As a parent, one of the things that can cause significant stress and anxiety is the thought of someone finding something negative online about your teen. This could include content posted on social media that’s negative or even intimate photos.
While most teens don’t share sexually explicit photos, some do, and when they do, there can be a host of consequences.
For parents, it’s important to proactively be able to talk to your teen about sharing intimate photos or having certain types of digital conversations.
The following are some key things to know and consider.
1. So-Called “Sexting” is Illegal
If you’re the parent of a teenager and they’re under the age of 18, if they’re sending or receiving nude photos or videos, it’s illegal. The material is classified as child porn, and it doesn’t have anything to do with the use of technology—it’s about the material itself.
Under federal law, it’s illegal to access, possess, transmit, publish, control, obtain or supply child pornography. The specifics of the law can vary between states.
If you have a 15-year-old child who’s sending nude videos to another young person that’s a similar age, this means both parties are participating in child pornography according to the law.
2. The Risks
Along with legal risks, teens need to understand all the other risks that exist if they share intimate photos or other types of content themselves.
One risk is that if someone receives a photo or video, there’s no guarantee they won’t forward it to someone else or even multiple people. This widens the scope of who sees it and also who might post it in other places.
Also, if your teen takes an intimate photo, it’s stored on their hard drive. If their phone’s media automatically backs up, the photos stay in cloud storage even if they’re deleted.
This puts your teen at risk of being hacked.
There have been instances of hackers accessing these types of photos and then blackmailing victims to get money.
3. Understand Why Your Teen Might Engage in This Type of Activity
There are many reasons teens sext. They might want to explore their sexuality or show affection for someone, for example. Peer pressure might outweigh both of these reasons, though.
There’s a tendency even in the media to portray sexting and sending photos and videos as something that all young people do. It makes teens feel like there’s something wrong with them if they’re not doing it.
While the portrayal in the media might say otherwise, a study in the Journal of American Medicine found only 1 in 7 teens in the U.S. had sent sexts, and 1 in 4 had received one. It seems like a lot, but still, it’s probably a smaller percentage than teens might feel is the case.
4. What is Revenge Porn?
As a parent, it’s also important to know not just about sexting and the risks it can create but also about nonconsensual porn, known as revenge porn. This is when there’s a distribution of intimate photos or videos without consent.
While the term used is revenge porn, it’s not always a revenge-based motivation. For example, many of these cases involve people who don’t know each other.
Nonconsensual pornography can include intimate photos that someone took and were then stolen or hacked. It can also include sexual videos or images willingly shared with another person that was supposed to stay private.
If you’re the parent of a teen and they discover their images online, you’ll need to contact law enforcement because it’s a crime. You can also send what’s called a DMCA takedown request. DMCA stands for the Digital Millennium Copyright Act. This regulates the reproduction of copyrighted material. While you do need to work on the criminal component of the pictures being shared, you also want them to be taken down as quickly as possible.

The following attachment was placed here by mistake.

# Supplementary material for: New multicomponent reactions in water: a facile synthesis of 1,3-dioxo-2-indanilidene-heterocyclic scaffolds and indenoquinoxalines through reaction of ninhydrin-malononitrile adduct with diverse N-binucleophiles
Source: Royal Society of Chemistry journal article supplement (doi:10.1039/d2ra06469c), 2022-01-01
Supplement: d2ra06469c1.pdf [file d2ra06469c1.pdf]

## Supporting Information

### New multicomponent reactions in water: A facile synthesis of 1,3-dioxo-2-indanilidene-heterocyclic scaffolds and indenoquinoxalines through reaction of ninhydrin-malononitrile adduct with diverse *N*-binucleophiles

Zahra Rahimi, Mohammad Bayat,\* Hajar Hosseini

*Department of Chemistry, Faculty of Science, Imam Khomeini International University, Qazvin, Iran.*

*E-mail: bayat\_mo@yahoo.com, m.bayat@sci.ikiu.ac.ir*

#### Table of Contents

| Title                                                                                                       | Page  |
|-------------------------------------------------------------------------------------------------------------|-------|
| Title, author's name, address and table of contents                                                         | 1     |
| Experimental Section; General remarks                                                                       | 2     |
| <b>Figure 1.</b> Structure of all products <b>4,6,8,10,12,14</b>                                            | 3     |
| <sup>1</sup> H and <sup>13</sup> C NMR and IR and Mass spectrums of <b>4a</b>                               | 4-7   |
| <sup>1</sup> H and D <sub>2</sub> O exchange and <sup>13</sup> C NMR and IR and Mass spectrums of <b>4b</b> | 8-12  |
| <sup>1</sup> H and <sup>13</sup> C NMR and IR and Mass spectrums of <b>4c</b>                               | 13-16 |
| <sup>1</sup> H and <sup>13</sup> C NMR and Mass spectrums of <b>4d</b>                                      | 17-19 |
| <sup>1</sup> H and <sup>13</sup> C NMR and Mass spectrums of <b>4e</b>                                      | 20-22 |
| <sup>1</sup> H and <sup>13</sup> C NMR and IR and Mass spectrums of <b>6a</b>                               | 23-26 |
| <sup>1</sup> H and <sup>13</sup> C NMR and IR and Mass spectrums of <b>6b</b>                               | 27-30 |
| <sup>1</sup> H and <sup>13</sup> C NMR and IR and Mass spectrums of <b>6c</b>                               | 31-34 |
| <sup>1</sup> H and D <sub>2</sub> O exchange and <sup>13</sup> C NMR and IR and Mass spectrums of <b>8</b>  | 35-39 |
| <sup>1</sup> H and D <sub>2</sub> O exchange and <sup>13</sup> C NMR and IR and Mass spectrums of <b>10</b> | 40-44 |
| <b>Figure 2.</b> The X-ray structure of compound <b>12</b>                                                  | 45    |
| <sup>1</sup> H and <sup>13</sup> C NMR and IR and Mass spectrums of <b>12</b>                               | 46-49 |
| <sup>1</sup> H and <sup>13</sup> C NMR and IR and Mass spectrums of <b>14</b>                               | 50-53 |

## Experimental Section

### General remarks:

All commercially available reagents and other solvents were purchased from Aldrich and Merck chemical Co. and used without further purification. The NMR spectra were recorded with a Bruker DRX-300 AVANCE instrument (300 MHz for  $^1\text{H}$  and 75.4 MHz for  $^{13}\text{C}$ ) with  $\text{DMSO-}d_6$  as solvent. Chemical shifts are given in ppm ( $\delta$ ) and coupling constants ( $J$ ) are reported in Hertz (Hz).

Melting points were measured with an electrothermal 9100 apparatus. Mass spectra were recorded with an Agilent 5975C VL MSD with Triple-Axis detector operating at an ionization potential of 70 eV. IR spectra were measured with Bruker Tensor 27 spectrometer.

5. Consent and Sexting
You’ll need to have conversations with your teens about issues surrounding sexting and nude photos because, unfortunately, it’s a part of life for modern, digitally connected young people.
As part of these conversations, you need to talk in detail about consent. Your teen needs to know they have the right to say no to any and everything. Before any sexting happens, even when they’re an adult, everyone should consent.
This applies to sending these photos—you need to teach your teen never to send an unsolicited photo.
You should also reinforce that sending or receiving photos or videos doesn’t mean there’s automatic consent to share them with others.
Consent can be revoked at any time. Let your teen know that even if they send a single sext, it doesn’t mean they have consented to continue and vice versa.
6. Criminal Claims
Whether someone has a criminal claim related to sharing of intimate videos or photos depends on the state where the victim and perpetrator live and what age the victim was when the photos were taken.
Again, if your teen is under the age of 18, they are considered a minor. Therefore, it’s a child pornography case, which is a very serious crime.
Every state has its own statutes regarding child pornography, and punishments are very harsh. The offender can be punished at both the state and federal levels.
Even if the photos were taken when someone was an adult, they might still have a criminal case. Most states have explicit laws against nonconsensual porn, and perpetrators may have to pay fines and jail time.
7. Talking to Your Teen
It’s an awkward subject to discuss with your teen, but as a parent, none of these topics are things you can avoid.
Try to speak to your kid in a relaxed setting. You want to approach it conversationally and non-confrontationally. Ask your teen what they know about the topic and what they would feel like if they were to have intimate photos of themselves shared. When you have a two-way dialogue, your teen is more likely to feel comfortable talking to you and maybe more likely to take what you’re saying to heart.